How physicians caring for adult patients presenting with a chronic mental illness take into account the difficulties experienced by the children of those patients: preliminary study.

Annals of physical and rehabilitation medicine

PubMedID: 19854122

Oppenheim-Gluckman H, Chambry J, Loisel Y, Jousselme C, Weïss JJ, Falissard B. How physicians caring for adult patients presenting with a chronic mental illness take into account the difficulties experienced by the children of those patients: preliminary study. Ann Phys Rehabil Med. 2009;52(9):623-37.
AIMS
To study how physicians caring for adult patients presenting a chronic mental disturbance take account of the difficulties of their patients' children under 18.

METHOD
Exploratory and qualitative study based on an in-depth study of interviews.

STUDY POPULATION
Thirteen physiatrists or neurologists following brain-damaged patients and 12 psychiatrists following patients with chronic psychiatric disorders.

RESULTS
In the two groups of physicians, diversified practices in catering for the issues of the patient's parenthood, child-parent relationships, and difficulties experienced by the child. The child's difficulties are not approached as such. For many of the physicians, representations of the parenting function, and of the child's needs and difficulties are not often used in work with the patient. Patient-centred care appears at odds with catering for the patient's children and their specific difficulties. The seriousness of the mental pathologies, their chronic nature, and the fact that they can affect the patient in his/her parental functioning and concerns, appear as factors in the reluctance of physicians. Other reasons are lack of familiarity with issues relating to childhood, and the feeling of encroaching on a private and intimate sphere. The representations of physicians with regard to parenthood, parent-child relations, and the needs and difficulties of children, are often not integrated into the corpus of knowledge. These issues are more often aspects of physicians' own experience.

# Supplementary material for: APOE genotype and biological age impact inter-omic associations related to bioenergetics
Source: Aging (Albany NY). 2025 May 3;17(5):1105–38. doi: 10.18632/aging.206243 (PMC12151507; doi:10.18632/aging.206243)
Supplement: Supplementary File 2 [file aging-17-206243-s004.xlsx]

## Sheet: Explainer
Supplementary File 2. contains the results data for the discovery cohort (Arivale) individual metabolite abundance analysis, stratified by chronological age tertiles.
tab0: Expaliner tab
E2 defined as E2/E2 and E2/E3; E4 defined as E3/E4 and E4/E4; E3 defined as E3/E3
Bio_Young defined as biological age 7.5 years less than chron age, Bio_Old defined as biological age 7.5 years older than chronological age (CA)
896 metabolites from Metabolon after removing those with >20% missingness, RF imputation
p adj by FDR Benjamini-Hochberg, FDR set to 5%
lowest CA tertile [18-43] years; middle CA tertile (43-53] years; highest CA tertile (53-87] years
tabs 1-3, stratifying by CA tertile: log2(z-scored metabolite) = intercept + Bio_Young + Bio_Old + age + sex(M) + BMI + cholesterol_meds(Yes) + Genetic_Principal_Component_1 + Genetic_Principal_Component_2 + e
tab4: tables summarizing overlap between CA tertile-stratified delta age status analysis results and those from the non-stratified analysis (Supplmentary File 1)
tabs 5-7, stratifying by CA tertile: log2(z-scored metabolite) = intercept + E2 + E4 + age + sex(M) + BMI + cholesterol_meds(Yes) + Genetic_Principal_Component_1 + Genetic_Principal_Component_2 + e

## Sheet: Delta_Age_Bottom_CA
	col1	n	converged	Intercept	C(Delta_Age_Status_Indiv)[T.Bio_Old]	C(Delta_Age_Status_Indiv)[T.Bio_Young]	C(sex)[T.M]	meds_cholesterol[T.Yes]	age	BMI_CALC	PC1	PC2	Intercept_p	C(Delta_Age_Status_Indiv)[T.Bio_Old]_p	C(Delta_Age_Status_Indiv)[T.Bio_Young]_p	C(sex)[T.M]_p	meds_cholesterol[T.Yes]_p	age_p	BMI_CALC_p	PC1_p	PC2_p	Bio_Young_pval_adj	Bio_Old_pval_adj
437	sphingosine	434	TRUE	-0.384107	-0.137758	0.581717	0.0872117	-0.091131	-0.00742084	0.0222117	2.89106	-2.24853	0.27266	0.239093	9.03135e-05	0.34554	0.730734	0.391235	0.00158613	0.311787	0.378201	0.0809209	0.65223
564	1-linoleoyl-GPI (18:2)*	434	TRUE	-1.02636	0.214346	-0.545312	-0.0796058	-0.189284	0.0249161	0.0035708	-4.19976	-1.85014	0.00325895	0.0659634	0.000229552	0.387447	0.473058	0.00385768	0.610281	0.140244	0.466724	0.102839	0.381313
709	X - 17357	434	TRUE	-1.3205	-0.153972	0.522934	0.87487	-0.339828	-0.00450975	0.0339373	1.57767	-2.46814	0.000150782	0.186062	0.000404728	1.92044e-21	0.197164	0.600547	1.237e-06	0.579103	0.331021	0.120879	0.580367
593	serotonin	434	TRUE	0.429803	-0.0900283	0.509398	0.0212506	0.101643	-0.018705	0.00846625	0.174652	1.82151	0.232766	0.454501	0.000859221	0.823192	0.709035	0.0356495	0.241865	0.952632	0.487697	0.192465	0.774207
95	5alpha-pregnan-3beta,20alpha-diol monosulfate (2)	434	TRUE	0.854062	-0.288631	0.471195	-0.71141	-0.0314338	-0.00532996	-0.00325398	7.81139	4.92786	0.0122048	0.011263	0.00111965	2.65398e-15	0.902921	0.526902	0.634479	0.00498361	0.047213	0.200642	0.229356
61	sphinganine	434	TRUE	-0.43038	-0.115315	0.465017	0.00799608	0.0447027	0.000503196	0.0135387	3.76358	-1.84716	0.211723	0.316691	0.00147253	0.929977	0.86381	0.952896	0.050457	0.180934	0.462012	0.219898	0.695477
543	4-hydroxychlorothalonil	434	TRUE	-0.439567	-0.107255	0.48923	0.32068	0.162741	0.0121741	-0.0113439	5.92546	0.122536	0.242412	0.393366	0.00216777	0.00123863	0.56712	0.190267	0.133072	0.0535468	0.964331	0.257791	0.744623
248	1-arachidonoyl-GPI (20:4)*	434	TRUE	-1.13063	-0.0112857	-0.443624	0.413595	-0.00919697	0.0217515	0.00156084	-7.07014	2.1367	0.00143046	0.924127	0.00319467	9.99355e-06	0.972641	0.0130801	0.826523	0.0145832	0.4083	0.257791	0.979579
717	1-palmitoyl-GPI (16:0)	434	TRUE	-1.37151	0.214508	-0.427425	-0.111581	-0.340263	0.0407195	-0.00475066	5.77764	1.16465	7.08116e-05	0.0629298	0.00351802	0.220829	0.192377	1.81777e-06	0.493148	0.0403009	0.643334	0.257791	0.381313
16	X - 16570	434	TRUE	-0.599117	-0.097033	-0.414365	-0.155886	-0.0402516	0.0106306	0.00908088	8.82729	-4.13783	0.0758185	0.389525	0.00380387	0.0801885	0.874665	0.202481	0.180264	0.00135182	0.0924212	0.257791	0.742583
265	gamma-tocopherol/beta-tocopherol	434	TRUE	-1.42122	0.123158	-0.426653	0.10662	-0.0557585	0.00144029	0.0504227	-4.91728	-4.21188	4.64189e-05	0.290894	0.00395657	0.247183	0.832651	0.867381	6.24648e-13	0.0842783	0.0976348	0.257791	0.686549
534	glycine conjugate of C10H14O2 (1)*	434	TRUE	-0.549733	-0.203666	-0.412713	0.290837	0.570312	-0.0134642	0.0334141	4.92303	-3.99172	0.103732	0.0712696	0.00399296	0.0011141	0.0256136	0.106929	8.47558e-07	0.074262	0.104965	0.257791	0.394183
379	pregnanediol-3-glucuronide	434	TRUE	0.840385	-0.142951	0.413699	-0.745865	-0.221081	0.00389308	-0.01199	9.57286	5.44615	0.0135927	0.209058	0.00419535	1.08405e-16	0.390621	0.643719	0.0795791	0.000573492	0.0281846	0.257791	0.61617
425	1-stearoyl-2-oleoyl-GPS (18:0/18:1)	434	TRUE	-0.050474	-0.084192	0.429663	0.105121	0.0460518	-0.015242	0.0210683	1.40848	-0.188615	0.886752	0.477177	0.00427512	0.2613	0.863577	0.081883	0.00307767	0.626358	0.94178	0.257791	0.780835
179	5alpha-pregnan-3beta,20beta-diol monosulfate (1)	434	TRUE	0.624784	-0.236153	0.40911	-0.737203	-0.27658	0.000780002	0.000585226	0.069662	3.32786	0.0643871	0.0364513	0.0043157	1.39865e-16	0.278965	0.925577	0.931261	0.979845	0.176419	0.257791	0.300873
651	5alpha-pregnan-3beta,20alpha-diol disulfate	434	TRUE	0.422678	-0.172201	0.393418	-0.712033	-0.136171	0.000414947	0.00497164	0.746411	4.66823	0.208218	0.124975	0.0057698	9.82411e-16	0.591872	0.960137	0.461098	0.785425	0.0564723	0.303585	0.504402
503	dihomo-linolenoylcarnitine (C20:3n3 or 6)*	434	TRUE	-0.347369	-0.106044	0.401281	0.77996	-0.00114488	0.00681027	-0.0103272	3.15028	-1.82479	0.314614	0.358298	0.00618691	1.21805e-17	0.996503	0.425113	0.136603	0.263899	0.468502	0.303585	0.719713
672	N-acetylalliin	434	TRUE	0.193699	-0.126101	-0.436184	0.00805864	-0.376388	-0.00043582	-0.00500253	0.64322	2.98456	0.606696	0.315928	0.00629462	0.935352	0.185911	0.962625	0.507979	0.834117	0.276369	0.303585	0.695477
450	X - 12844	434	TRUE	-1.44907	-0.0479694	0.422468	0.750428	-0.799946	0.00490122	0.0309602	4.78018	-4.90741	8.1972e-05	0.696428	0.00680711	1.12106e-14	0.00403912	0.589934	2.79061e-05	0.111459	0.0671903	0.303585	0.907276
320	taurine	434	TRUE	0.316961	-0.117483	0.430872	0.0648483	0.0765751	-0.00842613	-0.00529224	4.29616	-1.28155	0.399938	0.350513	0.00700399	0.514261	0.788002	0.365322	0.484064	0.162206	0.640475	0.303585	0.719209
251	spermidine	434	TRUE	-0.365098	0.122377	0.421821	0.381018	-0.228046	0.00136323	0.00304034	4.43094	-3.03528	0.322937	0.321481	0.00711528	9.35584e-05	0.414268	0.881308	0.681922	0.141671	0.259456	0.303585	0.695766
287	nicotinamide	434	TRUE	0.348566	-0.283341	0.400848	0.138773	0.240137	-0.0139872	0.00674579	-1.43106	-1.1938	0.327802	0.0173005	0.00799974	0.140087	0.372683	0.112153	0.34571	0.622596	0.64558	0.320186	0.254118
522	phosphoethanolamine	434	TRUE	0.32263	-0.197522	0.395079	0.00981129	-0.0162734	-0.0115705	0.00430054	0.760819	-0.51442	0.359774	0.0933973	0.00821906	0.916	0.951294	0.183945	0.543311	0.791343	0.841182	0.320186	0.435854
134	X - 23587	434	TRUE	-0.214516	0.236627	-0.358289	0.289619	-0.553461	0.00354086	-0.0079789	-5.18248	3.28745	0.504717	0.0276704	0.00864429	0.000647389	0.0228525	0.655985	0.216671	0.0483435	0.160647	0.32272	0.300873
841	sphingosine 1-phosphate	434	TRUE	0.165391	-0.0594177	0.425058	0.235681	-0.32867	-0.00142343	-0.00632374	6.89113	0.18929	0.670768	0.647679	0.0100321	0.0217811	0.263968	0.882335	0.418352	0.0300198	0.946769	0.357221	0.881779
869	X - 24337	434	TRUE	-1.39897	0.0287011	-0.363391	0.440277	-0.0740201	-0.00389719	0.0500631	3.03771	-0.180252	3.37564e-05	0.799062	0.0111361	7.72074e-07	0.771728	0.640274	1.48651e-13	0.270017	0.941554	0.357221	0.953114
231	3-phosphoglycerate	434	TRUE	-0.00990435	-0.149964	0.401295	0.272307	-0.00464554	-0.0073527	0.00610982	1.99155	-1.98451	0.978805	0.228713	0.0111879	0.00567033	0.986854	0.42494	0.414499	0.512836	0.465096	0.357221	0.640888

CONCLUSION
The conflict of values and the uneasiness of the physicians suggest the need for ethical reflection groups or Balint groups.